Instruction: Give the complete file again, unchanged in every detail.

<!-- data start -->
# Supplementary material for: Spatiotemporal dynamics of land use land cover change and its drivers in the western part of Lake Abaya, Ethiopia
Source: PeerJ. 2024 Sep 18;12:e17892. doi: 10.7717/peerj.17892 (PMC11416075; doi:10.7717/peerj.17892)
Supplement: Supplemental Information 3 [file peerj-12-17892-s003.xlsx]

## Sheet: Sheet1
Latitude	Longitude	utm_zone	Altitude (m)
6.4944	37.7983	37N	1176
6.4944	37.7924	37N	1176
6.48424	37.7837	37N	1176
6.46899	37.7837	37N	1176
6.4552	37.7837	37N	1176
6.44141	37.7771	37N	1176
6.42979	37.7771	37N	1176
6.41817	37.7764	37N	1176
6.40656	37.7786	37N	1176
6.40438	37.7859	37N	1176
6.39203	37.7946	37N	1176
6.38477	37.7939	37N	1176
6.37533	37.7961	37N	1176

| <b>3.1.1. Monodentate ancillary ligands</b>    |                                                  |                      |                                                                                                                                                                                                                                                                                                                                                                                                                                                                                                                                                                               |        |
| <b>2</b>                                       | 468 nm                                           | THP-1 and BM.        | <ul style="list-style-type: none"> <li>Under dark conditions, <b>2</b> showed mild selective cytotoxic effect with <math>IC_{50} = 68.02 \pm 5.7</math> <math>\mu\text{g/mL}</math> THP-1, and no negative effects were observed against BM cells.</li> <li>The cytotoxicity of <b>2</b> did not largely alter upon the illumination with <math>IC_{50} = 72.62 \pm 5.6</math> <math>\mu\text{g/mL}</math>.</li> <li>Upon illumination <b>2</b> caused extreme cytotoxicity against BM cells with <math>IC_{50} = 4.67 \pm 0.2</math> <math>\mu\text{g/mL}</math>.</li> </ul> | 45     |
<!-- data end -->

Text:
# Supplementary material for: Spatiotemporal dynamics of land use land cover change and its drivers in the western part of Lake Abaya, Ethiopia
Source: PeerJ. 2024 Sep 18;12:e17892. doi: 10.7717/peerj.17892 (PMC11416075; doi:10.7717/peerj.17892)
Supplement: Supplemental Information 3 [file peerj-12-17892-s003.xlsx]

## Sheet: Sheet1
Latitude	Longitude	utm_zone	Altitude (m)
6.4944	37.7983	37N	1176
6.4944	37.7924	37N	1176
6.48424	37.7837	37N	1176
6.46899	37.7837	37N	1176
6.4552	37.7837	37N	1176
6.44141	37.7771	37N	1176
6.42979	37.7771	37N	1176
6.41817	37.7764	37N	1176
6.40656	37.7786	37N	1176
6.40438	37.7859	37N	1176
6.39203	37.7946	37N	1176
6.38477	37.7939	37N	1176
6.37533	37.7961	37N	1176

| <b>3.1.1. Monodentate ancillary ligands</b>    |                                                  |                      |                                                                                                                                                                                                                                                                                                                                                                                                                                                                                                                                                                               |        |
| <b>2</b>                                       | 468 nm                                           | THP-1 and BM.        | <ul style="list-style-type: none"> <li>Under dark conditions, <b>2</b> showed mild selective cytotoxic effect with <math>IC_{50} = 68.02 \pm 5.7</math> <math>\mu\text{g/mL}</math> THP-1, and no negative effects were observed against BM cells.</li> <li>The cytotoxicity of <b>2</b> did not largely alter upon the illumination with <math>IC_{50} = 72.62 \pm 5.6</math> <math>\mu\text{g/mL}</math>.</li> <li>Upon illumination <b>2</b> caused extreme cytotoxicity against BM cells with <math>IC_{50} = 4.67 \pm 0.2</math> <math>\mu\text{g/mL}</math>.</li> </ul> | 45     |